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& nurturing Mother Nature.

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Living life with good intention, loving with soul, and consuming with a conscience

Fabrics and Fibres You Should be Avoiding

We all know by now that fast fashion is causing a crisis on our planet. We're buying and consuming more than ever before and it's having a detrimental impact. Women's wardrobes in particular have doubled in size but we're only wearing everything half as long with 80% of our clothing ending up in landfill (clothing that isn't biodegradable!). Even when clothing is given to services to be recycled, only around 1% of the fibres can be broken down and reused. With that in mind, something I've become more conscious of over the last few months is homing clothing pieces that are made of good materials that haven't put too much of a strain on our planet to be created and that will also degrade when they eventually reach the end of their cycle with me or whoever I pass those items on to.

Why natural vs. synthetic fibres are important
Only 2% of the textiles produced and sold worldwide are made of natural fibres such as linen, tencel, hemp etc. and that is pretty alarming. Although this is going up over time due to us taking more ethical and sustainable steps within our consumerism, we've still got a long way to go.

I've talked about natural vs. synthetic fibres before but the basics are this: natural fibres are typically less agriculturally intensive, they don't release micro-plastics when they're washed, they produce items which are more comfortable and breathable, and they biodegrade in a much shorter time than their synthetic counterparts (also without releasing toxins of any kind when doing so). Natural fibres help create a natural circular economy because they come from nature and go back to nature which is of course, the best scenario for our planet.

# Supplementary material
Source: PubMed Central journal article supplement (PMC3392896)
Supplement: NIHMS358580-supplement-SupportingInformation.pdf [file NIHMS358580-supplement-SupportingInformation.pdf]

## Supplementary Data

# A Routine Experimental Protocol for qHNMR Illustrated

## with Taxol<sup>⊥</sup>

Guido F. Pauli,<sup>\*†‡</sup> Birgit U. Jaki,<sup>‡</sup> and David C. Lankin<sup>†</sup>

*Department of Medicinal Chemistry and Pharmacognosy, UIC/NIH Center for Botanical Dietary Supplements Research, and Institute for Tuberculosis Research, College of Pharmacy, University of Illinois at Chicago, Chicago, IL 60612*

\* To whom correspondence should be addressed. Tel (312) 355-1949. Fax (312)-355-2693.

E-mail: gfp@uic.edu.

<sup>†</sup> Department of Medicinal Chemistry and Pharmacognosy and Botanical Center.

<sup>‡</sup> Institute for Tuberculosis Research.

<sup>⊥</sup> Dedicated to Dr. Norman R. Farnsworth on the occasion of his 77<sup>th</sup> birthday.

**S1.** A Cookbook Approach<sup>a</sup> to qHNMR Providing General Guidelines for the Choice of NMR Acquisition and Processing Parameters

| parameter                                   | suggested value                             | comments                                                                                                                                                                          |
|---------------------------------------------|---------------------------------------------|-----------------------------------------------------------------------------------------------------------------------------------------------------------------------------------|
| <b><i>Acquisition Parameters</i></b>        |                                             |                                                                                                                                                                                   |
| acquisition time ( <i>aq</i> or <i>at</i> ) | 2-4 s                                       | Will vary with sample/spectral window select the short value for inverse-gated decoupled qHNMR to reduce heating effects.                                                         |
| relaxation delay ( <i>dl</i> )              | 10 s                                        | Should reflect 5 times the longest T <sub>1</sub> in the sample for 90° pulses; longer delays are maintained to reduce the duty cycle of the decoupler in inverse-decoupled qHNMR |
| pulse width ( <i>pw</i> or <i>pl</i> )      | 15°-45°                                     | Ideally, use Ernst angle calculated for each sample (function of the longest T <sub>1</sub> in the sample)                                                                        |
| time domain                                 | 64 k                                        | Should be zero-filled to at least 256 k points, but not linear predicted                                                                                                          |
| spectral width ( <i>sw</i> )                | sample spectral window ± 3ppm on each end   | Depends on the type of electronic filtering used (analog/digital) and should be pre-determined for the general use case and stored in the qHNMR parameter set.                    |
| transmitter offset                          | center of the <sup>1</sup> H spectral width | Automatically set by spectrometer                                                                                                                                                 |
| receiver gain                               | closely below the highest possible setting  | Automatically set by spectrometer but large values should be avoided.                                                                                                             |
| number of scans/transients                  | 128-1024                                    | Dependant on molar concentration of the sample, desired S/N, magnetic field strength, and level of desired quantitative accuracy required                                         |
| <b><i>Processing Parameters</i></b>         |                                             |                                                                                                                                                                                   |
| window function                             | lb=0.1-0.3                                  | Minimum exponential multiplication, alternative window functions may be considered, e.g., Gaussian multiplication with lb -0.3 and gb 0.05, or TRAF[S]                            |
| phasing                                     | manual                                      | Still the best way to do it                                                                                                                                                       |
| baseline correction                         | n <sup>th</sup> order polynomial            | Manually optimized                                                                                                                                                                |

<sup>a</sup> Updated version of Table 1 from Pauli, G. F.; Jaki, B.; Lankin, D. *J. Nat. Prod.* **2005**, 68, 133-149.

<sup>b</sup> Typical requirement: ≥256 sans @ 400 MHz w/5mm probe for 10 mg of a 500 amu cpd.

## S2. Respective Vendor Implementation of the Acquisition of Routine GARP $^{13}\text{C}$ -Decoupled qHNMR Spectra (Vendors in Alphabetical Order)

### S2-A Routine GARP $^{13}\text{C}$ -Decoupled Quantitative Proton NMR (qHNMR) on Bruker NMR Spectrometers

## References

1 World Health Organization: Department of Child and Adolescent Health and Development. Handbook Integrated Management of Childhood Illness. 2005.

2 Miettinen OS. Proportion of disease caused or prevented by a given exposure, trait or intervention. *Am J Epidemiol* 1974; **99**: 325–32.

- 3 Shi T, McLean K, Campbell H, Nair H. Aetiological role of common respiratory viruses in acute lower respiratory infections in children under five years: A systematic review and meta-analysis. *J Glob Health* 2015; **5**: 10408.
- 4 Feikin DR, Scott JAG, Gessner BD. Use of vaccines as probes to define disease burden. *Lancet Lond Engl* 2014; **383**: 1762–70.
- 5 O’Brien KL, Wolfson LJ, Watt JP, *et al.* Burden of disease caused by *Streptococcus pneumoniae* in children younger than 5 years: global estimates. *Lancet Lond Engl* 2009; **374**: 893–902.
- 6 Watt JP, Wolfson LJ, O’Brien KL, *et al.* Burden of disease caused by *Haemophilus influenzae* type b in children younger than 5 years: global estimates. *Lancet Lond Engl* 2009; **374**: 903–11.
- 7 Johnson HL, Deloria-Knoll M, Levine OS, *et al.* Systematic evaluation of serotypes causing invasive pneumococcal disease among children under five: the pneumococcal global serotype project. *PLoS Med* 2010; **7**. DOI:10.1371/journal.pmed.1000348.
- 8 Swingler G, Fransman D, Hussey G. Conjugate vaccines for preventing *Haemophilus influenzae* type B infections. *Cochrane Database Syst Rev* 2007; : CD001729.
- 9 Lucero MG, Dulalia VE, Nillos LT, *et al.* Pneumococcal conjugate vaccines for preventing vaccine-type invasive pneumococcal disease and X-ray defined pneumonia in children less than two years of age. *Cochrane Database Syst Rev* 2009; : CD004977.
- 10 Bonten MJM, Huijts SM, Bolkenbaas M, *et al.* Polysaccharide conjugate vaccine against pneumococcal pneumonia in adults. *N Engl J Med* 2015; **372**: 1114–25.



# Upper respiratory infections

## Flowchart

So... what fabrics and fibres should we be avoiding?

Girrrl, this is the worst of the worst. Polyester is the most unsustainable fibre because it starts it's life in an oil rig as it requires crude oil/petroleum to be made and therefore is using a fossil fuel. It takes the same weight of oil to make the same weight of polyester clothing - e.g. 1kg of oil will make roughly 1kg of fabric. This is so incredibly damaging to our environment in a multitude of ways, particularly when it's estimated that 70 million barrels of oil go towards fast fashion every year! It is also a very water-intensive production process which can lead to contamination.

Polyester is incredibly popular in fast fashion because it's built to not last. As it's low quality, 100% polyester items won't last you a long time so they're perfect for brands who want you to constantly spend money with them. Although they won't last you forever, they unfortunately will stick around on our planet for the foreseeable because they are basically wearable plastic bottles.

Scientists claim that it will last pretty much for forever as it is basically plastic and petroleum and therefore is not biodegradable. Not only that but, each time you wash and wear polyester, it sheds micro-plastics into our atmosphere and water systems which then ends up in our food chain.

It can be recycled but as with all recyclable plastics, it is simply turn into a lesser form of plastic which isn't really sustainable or a good option. It's the all-round bad guy and if you can avoid it, definitely do.

Synthetic blends are very similar to polyester in how they are produced and are often a material that has some polyester mixed in it. As these blends are exactly that - blends - they can't be recycled properly because they can't be separated again (imagine us trying to separate milk and sugar from a cup of tea with our hands; it's just not possible!).

Often synthetic blends aren't labelled as that and are instead labelled as percentages of the items makeup, so it's worth getting to know what your synthetic materials are so you can identify them when shopping (e.g. 40% polyester, 50% nylon, 10% acrylic.)

Acrylic tends to rear it's ugly head during the colder months as it's often used in knitwear. Not only is it incredibly uncomfortable to wear and doesn't really let your skin breathe, it is carcinogenic and can attack our nervous systems by being absorbed through our skin when wearing the fabric or by being inhaled. It's bad for us as consumers to wear but it's 100 times worse for the individuals creating acrylic items in factories. Manufacturing it is involves highly toxic substances which is detrimental to both factory workers and also our environment.

It's not easily recyclable or biodegradable making it a bad choice all-round.